The ASRS can also help healthcare providers identify areas of impairment affecting the individual’s daily functioning. For example, the ASRS can identify symptoms of impulsivity that may be contributing to poor decision-making or difficulty with time management. Healthcare providers can then work with the individual to develop strategies to address these areas of impairment and improve their overall functioning.
- Limitations of the ASRS
While the Adult ADHD Self-Report Scale (ASRS) is a valuable tool for screening and monitoring ADHD symptoms in adults, it should not be relied upon as the sole method of diagnosing adult ADHD. It’s crucial to seek medical advice from a professional with expertise in diagnosing and treating people with ADHD, such as a psychiatrist or psychologist.
The ASRS is designed as a screening tool to identify individuals who may be at risk for ADHD. It is not a diagnostic tool in and of itself. Rather, it is used to gather information about an individual’s symptoms and to determine if further evaluation is necessary. A diagnosis of ADHD requires a comprehensive review that considers the individual’s medical history, symptoms, and other factors.
There are several reasons why the ASRS should not be used to diagnose adult ADHD without the advice of a healthcare provider.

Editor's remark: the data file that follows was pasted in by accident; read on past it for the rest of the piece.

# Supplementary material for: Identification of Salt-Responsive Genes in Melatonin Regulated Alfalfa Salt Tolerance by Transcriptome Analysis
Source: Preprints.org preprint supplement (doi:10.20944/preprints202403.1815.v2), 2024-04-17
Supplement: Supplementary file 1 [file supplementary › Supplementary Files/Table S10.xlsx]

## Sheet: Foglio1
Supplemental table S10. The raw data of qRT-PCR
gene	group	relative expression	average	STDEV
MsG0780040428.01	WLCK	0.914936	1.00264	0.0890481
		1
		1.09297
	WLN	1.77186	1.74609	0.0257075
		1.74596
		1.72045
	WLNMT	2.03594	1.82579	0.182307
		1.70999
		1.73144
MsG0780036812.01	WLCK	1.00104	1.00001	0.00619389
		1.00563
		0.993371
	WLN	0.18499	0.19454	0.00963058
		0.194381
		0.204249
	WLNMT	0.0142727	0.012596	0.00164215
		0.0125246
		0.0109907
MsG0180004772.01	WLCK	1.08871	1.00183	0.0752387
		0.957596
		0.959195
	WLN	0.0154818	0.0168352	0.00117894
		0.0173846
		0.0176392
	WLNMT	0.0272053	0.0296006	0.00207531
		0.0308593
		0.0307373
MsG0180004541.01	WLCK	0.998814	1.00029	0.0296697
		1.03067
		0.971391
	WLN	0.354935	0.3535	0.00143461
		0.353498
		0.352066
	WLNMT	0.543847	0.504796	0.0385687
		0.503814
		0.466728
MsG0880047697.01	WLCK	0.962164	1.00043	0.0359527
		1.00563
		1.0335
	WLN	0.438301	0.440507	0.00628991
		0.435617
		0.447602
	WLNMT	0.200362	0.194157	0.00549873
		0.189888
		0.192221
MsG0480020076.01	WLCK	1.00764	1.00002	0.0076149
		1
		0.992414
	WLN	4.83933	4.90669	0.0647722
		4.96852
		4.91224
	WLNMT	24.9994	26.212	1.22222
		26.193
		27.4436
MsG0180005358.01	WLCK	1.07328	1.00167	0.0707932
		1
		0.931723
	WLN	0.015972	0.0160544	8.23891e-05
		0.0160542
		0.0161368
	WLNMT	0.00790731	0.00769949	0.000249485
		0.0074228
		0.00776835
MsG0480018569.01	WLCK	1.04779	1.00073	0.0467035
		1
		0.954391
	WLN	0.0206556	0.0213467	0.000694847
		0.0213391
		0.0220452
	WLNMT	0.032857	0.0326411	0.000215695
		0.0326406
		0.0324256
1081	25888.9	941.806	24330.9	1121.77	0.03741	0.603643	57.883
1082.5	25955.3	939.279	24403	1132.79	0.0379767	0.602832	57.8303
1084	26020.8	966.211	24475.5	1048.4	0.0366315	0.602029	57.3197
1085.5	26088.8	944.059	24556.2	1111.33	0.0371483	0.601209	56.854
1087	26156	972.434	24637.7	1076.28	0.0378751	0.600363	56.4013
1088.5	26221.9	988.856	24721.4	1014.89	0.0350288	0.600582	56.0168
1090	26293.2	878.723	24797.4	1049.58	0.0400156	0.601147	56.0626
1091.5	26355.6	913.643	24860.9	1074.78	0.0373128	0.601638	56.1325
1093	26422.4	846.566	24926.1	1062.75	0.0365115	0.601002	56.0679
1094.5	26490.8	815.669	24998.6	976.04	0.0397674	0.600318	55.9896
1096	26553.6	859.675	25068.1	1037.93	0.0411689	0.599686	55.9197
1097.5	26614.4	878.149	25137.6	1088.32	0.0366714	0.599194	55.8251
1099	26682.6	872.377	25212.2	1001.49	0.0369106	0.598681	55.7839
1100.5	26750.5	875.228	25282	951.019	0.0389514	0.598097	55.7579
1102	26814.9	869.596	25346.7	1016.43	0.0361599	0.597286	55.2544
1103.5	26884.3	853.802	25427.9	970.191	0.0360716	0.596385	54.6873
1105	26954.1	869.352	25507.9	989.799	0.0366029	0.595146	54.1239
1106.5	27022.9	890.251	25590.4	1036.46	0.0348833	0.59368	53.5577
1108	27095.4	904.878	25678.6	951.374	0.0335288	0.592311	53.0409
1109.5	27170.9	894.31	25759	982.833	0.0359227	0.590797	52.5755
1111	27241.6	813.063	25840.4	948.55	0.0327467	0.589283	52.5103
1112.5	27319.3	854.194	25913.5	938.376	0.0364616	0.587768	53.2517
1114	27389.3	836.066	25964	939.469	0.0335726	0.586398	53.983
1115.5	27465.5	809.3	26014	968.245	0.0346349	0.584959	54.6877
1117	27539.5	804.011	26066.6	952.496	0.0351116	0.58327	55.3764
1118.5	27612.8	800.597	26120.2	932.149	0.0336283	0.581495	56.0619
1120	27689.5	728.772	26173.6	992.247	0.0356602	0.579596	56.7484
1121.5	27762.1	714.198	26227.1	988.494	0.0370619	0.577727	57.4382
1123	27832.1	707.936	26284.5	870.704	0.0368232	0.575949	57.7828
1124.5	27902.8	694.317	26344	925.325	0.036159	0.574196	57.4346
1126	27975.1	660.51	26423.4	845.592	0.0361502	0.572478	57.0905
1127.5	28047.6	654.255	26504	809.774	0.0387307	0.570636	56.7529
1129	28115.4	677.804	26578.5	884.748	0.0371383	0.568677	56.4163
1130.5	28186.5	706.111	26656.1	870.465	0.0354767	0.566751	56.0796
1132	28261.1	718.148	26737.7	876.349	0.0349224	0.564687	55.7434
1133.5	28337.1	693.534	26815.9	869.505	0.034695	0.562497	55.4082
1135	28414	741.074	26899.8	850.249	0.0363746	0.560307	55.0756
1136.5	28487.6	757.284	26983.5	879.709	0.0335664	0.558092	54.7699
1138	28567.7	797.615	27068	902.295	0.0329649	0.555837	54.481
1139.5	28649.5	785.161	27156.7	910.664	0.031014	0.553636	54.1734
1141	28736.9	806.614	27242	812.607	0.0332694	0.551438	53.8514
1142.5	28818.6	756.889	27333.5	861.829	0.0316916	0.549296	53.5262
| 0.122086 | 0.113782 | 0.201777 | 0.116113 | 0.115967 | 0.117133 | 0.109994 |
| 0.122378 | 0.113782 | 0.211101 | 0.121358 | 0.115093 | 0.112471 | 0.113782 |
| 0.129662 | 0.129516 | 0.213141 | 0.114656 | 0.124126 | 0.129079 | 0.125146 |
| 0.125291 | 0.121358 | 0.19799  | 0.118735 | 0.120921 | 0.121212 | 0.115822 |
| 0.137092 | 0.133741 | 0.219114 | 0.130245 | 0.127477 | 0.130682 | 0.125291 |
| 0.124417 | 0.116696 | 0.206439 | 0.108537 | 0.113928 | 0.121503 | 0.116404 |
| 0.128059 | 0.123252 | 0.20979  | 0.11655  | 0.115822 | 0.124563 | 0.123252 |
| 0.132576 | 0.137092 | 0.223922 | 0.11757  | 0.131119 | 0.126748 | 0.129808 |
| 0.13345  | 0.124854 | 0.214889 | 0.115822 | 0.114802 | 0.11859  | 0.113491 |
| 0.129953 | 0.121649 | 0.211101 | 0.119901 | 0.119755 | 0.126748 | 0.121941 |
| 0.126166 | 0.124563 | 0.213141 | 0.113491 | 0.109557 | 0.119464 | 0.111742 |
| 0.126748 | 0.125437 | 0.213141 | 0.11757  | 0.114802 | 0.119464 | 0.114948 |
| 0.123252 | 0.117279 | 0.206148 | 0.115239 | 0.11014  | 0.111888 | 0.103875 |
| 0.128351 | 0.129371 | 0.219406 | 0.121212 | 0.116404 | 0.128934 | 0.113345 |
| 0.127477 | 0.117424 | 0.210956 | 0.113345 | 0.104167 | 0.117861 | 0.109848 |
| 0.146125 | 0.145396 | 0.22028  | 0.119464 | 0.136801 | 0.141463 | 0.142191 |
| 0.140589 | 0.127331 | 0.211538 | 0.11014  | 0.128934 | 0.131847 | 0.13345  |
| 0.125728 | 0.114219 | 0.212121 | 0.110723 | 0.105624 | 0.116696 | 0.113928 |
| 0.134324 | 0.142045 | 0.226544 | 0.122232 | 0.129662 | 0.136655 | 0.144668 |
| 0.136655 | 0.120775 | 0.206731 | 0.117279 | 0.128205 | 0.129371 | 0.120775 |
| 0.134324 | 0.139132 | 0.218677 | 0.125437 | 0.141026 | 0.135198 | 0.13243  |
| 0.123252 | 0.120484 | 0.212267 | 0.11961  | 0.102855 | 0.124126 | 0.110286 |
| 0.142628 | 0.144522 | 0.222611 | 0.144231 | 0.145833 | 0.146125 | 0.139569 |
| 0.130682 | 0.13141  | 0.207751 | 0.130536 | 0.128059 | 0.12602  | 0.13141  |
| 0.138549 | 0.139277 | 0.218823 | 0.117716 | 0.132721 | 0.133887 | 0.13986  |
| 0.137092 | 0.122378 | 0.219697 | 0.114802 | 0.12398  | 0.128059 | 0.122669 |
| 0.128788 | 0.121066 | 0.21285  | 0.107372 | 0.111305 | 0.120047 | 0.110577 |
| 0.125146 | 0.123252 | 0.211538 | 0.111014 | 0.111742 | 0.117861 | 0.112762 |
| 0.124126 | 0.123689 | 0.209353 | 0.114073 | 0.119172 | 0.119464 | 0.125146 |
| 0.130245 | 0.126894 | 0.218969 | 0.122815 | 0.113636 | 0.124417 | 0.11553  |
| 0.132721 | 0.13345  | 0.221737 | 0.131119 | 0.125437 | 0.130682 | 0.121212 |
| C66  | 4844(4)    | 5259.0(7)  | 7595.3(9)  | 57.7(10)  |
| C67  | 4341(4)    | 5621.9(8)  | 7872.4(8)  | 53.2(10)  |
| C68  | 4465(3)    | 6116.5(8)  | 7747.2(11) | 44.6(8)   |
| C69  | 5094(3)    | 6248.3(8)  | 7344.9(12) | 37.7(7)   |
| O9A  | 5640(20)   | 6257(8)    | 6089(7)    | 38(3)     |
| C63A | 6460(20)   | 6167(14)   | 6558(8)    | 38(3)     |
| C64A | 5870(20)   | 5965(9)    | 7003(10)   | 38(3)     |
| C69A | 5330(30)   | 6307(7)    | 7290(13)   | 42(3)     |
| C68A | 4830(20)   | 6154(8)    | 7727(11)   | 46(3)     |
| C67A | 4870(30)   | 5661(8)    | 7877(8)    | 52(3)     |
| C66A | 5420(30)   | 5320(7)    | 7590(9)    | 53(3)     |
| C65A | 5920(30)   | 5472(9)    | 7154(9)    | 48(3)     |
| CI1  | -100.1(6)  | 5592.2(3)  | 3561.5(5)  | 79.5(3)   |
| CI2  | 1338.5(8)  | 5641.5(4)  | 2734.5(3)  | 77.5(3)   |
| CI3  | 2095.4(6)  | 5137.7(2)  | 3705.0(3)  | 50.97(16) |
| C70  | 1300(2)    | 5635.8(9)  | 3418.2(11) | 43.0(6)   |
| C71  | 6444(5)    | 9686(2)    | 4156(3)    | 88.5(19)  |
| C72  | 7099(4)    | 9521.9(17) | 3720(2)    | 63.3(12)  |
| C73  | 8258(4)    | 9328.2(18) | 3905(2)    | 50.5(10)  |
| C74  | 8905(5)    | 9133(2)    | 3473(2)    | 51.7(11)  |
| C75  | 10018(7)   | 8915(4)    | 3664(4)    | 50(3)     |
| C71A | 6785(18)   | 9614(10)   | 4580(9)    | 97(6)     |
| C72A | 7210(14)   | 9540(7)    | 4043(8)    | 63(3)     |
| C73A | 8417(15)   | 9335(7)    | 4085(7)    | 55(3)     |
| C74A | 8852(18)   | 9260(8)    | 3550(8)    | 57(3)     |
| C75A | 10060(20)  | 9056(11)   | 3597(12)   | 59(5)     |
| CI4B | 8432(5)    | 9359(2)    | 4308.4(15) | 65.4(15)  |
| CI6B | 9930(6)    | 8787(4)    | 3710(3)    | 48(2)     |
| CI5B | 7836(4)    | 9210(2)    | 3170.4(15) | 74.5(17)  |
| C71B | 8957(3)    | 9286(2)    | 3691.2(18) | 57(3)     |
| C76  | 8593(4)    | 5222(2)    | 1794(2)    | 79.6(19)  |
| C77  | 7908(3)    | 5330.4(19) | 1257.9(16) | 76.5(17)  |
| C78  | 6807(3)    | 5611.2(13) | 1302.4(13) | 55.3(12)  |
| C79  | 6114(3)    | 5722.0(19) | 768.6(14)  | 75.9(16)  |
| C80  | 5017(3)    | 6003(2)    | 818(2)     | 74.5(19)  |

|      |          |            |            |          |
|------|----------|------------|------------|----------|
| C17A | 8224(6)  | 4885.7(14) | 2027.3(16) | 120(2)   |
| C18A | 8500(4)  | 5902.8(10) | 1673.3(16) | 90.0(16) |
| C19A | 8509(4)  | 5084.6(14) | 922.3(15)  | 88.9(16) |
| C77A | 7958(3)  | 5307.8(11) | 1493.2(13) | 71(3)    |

- First, ADHD symptoms can be caused by other medical conditions or mental health disorders, such as depression or anxiety. A healthcare professional might complete an assessment to exclude any further probable causes of the patient’s symptoms.
- Second, ADHD symptoms can vary in severity and presentation from person to person. The ASRS is a self-report questionnaire that relies on the individual’s subjective assessment of their symptoms. While this can be useful for gathering information about an individual’s symptoms, it may not provide a complete picture of their ADHD symptoms.
- Third, the ASRS is just one tool healthcare providers can use to diagnose and monitor ADHD in adults. Clinical interviews and cognitive exams are two other diagnostic methods, may also gather additional information about an individual’s symptoms and rule out other potential causes.
- Finally, it is important to remember that a diagnosis of ADHD requires a comprehensive evaluation that considers the individual’s medical history, symptoms, and other factors. A qualified healthcare provider can conduct this evaluation and provide a diagnosis based on their professional judgment and expertise.
In conclusion, although the Adult ADHD Self-Report Scale (ASRS) might be a helpful tool for identifying and tracking ADHD symptoms in adults, it shouldn’t be used as the only way to make the diagnosis. It is a brief, self-administered questionnaire that is straightforward to complete. The Adult Screening Rating Scale (ASRS) has been approved as a viable screening instrument for adult ADHD, and it may be used to track treatment efficacy over time. A skilled healthcare professional with experience in identifying and treating adult ADHD is required for a thorough assessment to determine whether someone has ADHD. To get an accurate diagnosis and a treatment plan, it’s crucial to seek the advice of a licensed healthcare professional if you think you or a loved one may have ADHD.
Latest posts by Craig Selinger (see all)
- Your Guide To Success With A Professional MCAT Tutor - September 22, 2023
- Williamsburg, Brooklyn Middle School Math Tutors! - September 22, 2023
- Greenpoint, Brooklyn Middle School Math Tutor - September 21, 2023